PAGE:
The advisors that we work with are trained experts and have a wealth of knowledge about joint mortgages and the problems that may arise when a loved one passes. They can provide you with confidential and non-judgemental advice with any of the following:

  • What to do next after the death of a partner on your joint mortgage
  • Getting the best and most suitable insurance to cover you for the future
  • Remortgaging your property in the event that a loved one or partner has died
  • Any other queries you have regarding your mortgage

A mortgage advisor will dedicate their time to listen and then research the best solutions for you based on your circumstances. They can also can assist you through the process of remortgaging and finding you the most affordable rates, so if you need help with a joint mortgage after one person dies, contact us today.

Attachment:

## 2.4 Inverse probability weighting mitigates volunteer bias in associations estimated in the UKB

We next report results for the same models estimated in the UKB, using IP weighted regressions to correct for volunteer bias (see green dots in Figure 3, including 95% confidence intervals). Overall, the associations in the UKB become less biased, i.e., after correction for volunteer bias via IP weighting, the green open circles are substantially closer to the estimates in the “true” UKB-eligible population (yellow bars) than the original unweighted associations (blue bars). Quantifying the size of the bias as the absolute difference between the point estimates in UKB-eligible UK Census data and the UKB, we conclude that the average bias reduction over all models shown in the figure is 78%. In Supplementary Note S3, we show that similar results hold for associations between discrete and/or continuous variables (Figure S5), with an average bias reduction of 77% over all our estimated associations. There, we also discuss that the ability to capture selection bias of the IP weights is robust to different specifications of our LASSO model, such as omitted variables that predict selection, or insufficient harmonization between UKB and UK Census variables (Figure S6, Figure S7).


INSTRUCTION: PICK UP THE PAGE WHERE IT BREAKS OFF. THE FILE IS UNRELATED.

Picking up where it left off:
Speak to a mortgage expert today

Call Online Mortgage Advisor today on 0800 304 7880 or make an enquiry here. Then sit back and let us do all the hard work in finding the broker with the right expertise for your circumstances.  – We don’t change a fee and there’s no obligation or marks on your credit rating.

Updated: 6th February 2019
OnlineMortgageAdvisor 2019 ©

FCA disclaimer

*Based on our research, the content contained in this article is accurate as of most recent time of writing. Lender criteria and policies change regularly so speak to one of the advisors we work with to confirm the most accurate up to date information. The info on the site is not tailored advice to each individual reader, and as such does not constitute financial advice. All advisors working with us are fully qualified to provide mortgage advice and work only for firms who are authorised and regulated by the Financial Conduct Authority. They will offer any advice specific to you and your needs. Some types of buy to let mortgages are not regulated by the FCA. Think carefully before securing other debts against your home. As a mortgage is secured against your home, it may be repossessed if you do not keep up with repayments on your mortgage. Equity released from your home will also be secured against it.